One dynamic of the A’s disappointing 2015 season was their league-worst 15-32 record in games where the opposing team started a left-handed pitcher. For a team that uses regular platoons at several positions, it was a reflection of a right-handed lineup that performed below expectations.
So far this season the A’s appear improved in that area. They are 5-4 against left-handed starters after beating the Texas Rangers 8-1 Wednesday to complete a three-game sweep in which they faced three left-handers: Derek Holland, Cole Hamels and Martin Perez. It was the A’s first sweep of three or more games at home since July 2014, and it came against a Texas team that began the series in first place in the American League West.
A big factor in the turnaround: The A’s did not have Danny Valencia in their lineup until early August of last year. They did not acquire Khris Davis until the offseason. Together, those two are fueling an A’s offense that has picked up speed over the past week, driving in 22 of the 32 runs Oakland has scored in its last six games – including four consecutive against left-handed starters.
32 Home runs by the A’s Khris Davis since Aug. 6, most in the majors
Valencia hit three home runs against the Tampa Bay Rays on Sunday, homered Tuesday and had three hits Wednesday, including a two-run single in the first inning. Davis hit three homers Tuesday, including a walkoff grand slam, and added a solo home run Wednesday while reaching base in all four of his plate appearances.
“That’s two tough outs,” said A’s shortstop Marcus Semien, who had two RBI singles in the series finale. “You’ve got to pitch Danny tough because KD is behind him, and KD’s producing. He’s putting together good at-bats, he’s hitting off-speed pitches, he’s hitting fastballs. Same with Danny.”
Davis leads the majors in home runs this month with nine, validating the A’s belief the power he showed with the Milwaukee Brewers last season – when he hit 27 homers – would translate to the bigger ballpark in Oakland. He did not have a home run through his first 13 games this season while batting .174, and he said the emergence of his power has been a matter of “just being more comfortable, more familiar with my surroundings.”
No major leaguer has more home runs (32) than Davis since Aug. 6. A’s manager Bob Melvin mused Wednesday, “It seems like every time he puts the barrel on (the ball), it leaves the ballpark.” Valencia said Davis makes hitting for power “look really easy. We all know how hard this game is, and for him to do what he’s doing, it’s pretty special.”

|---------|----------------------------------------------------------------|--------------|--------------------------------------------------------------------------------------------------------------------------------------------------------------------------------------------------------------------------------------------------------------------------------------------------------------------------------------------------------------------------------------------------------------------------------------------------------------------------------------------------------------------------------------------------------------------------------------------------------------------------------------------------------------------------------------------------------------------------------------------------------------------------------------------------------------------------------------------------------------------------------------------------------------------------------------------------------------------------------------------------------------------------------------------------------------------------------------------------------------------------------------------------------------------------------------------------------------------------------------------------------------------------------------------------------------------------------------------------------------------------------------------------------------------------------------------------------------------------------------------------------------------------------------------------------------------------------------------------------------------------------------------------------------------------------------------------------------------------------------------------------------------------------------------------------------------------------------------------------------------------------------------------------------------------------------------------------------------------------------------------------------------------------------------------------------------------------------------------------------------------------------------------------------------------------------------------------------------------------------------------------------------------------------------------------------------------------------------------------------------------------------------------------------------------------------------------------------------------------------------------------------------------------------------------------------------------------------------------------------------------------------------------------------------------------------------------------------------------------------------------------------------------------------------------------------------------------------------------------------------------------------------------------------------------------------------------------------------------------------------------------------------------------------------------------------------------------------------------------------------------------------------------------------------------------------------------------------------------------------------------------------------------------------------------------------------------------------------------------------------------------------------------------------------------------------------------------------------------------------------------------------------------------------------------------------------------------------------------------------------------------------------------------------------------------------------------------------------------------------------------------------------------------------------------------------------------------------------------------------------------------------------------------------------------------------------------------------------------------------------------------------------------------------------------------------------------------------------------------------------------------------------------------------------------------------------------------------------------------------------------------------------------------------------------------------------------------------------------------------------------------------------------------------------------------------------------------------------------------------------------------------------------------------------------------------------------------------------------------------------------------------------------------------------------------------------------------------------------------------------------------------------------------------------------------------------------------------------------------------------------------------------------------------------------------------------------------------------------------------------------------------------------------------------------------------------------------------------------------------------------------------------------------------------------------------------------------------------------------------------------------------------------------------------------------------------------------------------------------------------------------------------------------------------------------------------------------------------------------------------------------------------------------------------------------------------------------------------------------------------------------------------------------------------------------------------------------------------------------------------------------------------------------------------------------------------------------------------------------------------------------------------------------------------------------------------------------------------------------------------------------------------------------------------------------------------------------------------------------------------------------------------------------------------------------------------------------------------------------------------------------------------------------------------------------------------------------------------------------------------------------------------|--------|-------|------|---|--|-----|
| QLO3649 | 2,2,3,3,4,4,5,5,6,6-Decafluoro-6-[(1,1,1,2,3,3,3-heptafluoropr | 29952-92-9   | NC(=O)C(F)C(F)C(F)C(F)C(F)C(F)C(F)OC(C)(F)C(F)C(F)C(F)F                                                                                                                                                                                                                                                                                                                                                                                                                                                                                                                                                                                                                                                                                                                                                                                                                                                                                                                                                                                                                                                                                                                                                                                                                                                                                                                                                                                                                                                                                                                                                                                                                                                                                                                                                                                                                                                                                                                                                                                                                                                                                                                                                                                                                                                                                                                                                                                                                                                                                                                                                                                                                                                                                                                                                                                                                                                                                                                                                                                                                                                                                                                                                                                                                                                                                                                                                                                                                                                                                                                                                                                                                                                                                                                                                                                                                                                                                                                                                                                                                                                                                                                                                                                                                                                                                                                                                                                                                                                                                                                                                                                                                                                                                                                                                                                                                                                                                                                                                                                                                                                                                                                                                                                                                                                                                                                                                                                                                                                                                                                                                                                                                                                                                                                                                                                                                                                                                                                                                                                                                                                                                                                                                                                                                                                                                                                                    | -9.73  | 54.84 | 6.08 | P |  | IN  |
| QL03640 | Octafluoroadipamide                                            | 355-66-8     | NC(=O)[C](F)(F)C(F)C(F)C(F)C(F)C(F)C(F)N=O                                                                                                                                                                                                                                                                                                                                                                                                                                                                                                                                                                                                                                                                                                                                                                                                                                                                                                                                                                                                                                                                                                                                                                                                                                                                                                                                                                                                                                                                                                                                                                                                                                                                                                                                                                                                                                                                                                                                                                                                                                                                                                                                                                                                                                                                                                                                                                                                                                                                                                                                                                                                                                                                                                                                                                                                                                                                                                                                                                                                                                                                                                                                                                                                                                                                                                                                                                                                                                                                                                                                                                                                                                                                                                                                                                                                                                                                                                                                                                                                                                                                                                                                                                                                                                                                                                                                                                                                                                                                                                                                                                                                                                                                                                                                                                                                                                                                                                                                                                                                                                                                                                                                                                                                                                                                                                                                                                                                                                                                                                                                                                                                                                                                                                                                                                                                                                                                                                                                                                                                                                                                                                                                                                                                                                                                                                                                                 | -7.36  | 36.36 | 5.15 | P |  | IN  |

That Davis also ranks among the A.L. leaders with 29 RBIs is partly because he frequently bats with runners on base. Josh Reddick, who hit third Wednesday, two spots ahead of Davis, is 20 for 44 (.455) over his past 13 games. Valencia, the cleanup hitter, is 15 for 33 (.455) with six home runs and 12 RBIs in his past nine games since returning to the lineup from a hamstring strain.
That’s two tough outs. You’ve got to pitch Danny tough because KD is behind him, and KD’s producing. He’s putting together good at-bats, he’s hitting off-speed pitches, he’s hitting fastballs. Same with Danny.
Marcus Semien, on A’s teammates Danny Valencia and Khris Davis
“Just having that pressure on the pitcher all the time, you’re going to get mistakes,” Davis said. “They’re doing a great job just causing havoc.”
Oakland’s offense Wednesday backed starter Rich Hill, who allowed one run over six innings for his sixth win, tied for second most in the league. Hill, a 36-year-old the A’s signed to a one-year deal over the winter, has a 2.54 ERA through nine starts while allowing 35 hits and recording 59 strikeouts in 49 2/3 innings.
“Rich has really been our guy. He’s been our number one,” Valencia said. “He’s been doing his job. When he’s out there, we feel like a couple runs might win the game.”